A deliciously decadent, erotic romp in some places, a darkly, deeply emotional tale in other places, as much a tale of a survivor of abuse as it is vampiric novel, nodding its head to Bluebeard or the 1970s films like The Velvet Vampire, as much as the influential Anne Rice Vampire Chronicles. Perfect reading for the dark autumn and winter nights.

This review was originally penned for Shoreline of Infinity

Reviews: wartime horror in Burial

Burial,
Directed by Ben Parker
Starring Harriet Walker, David Alexander, Charlotte Vega, Tom Felton, Barry Ward, Kristjan Üksküla

Fresh from the 2022 FrightFest comes this wartime horror with an intriguing premise: a special Soviet team is tasked with recovering the body of Adolf Hitler in the ruins of Berlin in 1945, verifying they are indeed the remains of the Fuhrer, then to covertly transport the corpse across war-ravaged Europe, back to Mother Russia, where Stalin wants to look his opponent in the eye. Naturally, things go wrong, and as a secret mission, they can’t just call on reinforcements to help, because nobody know what they’re doing or where they are going.

Burial is framed at the start and end by segments set just as Gorbachev announced the dissolution of the Soviet Union; an older woman, Anna Marshall (Harriet Walker) in a house in Britain is the target of what looks like a burglary and/or attempted assault one evening. Except the break-in is not what it seems, and indeed, neither is she. The intruder, a skin-headed man (David Alexander), turns out to be a Neo-Nazi, seeking something from her; she, in turn, is revealed to be more than capable of defending herself, despite her age.

Having overpowered and secured her would-be attacker, she begins to tell him a tale, to reveal to him the truth he thinks he wanted to hear. This quiet, older lady was once a combat officer for Soviet intelligence, and she was on that mission to spirit away the body of Adolf Hitler, part of a wider plan by the Russians to sow confusion among their wartime allies about whether Hitler was indeed truly dead by his own hand, or had perhaps secretly escaped, perhaps to South America as many other Nazis did (yes, even in 1945 Russia enjoyed spreading fake stories to confuse other nations, even friendly ones, some things, it seems change little!).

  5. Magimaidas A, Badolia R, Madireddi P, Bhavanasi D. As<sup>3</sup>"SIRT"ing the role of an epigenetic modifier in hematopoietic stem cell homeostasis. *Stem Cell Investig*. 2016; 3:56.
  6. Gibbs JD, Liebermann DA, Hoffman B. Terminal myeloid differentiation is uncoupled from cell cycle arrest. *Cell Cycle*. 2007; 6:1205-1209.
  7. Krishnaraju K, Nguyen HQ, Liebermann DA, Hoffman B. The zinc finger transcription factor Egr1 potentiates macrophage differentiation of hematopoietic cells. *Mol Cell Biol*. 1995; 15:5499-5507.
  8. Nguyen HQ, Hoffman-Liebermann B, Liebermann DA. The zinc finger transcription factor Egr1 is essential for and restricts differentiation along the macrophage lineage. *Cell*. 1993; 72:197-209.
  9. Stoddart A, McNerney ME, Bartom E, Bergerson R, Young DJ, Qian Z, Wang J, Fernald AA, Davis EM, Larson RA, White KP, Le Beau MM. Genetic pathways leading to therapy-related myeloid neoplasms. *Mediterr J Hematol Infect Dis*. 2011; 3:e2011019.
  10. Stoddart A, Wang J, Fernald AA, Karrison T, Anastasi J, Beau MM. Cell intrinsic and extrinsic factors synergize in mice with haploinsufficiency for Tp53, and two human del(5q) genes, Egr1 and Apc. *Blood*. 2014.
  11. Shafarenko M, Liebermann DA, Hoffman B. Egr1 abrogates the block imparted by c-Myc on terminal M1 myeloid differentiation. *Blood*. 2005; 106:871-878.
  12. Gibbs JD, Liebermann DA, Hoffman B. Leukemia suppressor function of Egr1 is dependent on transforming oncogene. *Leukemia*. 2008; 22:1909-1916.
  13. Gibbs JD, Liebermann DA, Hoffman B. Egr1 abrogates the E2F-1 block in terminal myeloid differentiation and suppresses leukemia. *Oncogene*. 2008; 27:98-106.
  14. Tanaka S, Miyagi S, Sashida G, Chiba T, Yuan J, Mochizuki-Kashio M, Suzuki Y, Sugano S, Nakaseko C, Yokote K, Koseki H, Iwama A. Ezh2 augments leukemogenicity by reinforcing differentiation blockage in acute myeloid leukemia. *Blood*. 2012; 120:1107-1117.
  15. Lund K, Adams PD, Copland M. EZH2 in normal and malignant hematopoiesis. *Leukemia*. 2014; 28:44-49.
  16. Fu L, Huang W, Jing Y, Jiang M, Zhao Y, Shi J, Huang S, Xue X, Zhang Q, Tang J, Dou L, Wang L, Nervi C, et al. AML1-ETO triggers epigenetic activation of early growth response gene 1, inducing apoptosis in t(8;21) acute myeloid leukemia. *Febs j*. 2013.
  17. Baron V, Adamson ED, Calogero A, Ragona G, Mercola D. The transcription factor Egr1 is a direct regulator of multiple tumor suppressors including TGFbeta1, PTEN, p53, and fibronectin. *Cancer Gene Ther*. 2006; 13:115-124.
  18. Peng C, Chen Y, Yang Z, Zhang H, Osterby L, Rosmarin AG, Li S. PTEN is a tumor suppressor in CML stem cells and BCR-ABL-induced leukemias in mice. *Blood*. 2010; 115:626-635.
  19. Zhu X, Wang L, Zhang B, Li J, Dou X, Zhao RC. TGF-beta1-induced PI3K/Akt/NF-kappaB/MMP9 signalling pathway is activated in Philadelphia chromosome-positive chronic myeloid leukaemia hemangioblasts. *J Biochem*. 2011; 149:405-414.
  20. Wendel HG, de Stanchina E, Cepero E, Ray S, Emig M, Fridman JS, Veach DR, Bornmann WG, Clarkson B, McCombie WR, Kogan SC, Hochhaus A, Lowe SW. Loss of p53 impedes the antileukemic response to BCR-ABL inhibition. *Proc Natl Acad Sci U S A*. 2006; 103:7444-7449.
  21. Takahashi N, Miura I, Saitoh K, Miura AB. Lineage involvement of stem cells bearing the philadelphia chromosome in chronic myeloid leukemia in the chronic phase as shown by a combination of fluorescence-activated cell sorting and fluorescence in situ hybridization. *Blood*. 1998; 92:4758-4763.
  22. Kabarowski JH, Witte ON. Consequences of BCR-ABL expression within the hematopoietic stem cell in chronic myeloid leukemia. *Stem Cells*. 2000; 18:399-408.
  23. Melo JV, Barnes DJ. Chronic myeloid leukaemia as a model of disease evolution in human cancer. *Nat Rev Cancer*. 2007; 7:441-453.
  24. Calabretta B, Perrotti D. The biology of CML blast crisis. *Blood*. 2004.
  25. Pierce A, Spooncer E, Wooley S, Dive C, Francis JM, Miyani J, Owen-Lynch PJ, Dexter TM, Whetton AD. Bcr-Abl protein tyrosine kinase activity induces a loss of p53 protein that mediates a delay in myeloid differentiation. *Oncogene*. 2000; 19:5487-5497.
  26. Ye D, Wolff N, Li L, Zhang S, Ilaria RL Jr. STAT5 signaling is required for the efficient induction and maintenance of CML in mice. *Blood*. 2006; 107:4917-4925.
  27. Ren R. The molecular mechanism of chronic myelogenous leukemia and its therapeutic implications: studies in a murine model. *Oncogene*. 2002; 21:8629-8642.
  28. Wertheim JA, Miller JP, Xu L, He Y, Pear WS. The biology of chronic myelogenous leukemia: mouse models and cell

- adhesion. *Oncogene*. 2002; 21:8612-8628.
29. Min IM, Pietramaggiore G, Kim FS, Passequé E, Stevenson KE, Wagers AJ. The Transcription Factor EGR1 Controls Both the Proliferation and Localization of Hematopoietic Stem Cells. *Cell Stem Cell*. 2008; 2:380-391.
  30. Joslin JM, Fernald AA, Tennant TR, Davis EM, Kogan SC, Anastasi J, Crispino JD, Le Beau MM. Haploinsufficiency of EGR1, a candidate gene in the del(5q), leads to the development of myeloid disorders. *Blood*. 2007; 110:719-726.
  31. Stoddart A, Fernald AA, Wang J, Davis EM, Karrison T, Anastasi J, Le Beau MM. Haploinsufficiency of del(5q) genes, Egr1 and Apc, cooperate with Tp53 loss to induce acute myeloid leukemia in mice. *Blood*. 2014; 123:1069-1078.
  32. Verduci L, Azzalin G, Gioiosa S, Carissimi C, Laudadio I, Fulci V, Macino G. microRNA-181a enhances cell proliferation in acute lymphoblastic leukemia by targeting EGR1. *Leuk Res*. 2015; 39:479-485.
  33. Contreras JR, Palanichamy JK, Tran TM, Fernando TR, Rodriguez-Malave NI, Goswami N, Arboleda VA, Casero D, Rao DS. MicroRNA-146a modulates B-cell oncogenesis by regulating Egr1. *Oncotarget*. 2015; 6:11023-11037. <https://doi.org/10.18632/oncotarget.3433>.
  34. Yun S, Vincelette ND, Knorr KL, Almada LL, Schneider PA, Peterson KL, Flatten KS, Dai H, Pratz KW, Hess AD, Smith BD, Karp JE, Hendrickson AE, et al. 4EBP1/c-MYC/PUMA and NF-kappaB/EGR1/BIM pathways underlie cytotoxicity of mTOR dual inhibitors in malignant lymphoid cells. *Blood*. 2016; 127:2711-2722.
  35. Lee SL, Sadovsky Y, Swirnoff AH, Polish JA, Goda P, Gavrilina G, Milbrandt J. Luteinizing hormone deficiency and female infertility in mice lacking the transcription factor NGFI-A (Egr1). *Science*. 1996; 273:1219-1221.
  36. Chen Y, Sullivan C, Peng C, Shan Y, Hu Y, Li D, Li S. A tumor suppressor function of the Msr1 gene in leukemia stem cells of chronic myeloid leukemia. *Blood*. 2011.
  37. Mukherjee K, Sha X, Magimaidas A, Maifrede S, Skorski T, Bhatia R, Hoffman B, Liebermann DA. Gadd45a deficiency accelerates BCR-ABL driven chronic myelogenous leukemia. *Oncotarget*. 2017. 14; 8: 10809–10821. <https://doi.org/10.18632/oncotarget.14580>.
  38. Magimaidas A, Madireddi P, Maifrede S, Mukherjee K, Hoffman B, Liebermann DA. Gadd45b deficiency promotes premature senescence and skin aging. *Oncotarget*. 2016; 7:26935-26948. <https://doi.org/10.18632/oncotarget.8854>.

The bulk of the running time is taken with the journey of the small Soviet force (Charlotte Vega playing Brana Vasilyeva, a younger version of Anna, now living under an adopted identity) with the body, becoming stalled in rural Poland, attacked by the notorious “Werewolf” units, who have somehow learned what they are transporting. Here these real-life historical Nazi die-hards who vowed to fight on after the surrender in 1945 may not be actual lycanthropes, but through the use of wolf skins (shades of Nordic Berserkers) and a hallucinogenic smoke employed before ambushes, they create a phantasmagorical vision to their prey, distorting their sense of reality, heightening their fear, and, of course, making them easier targets.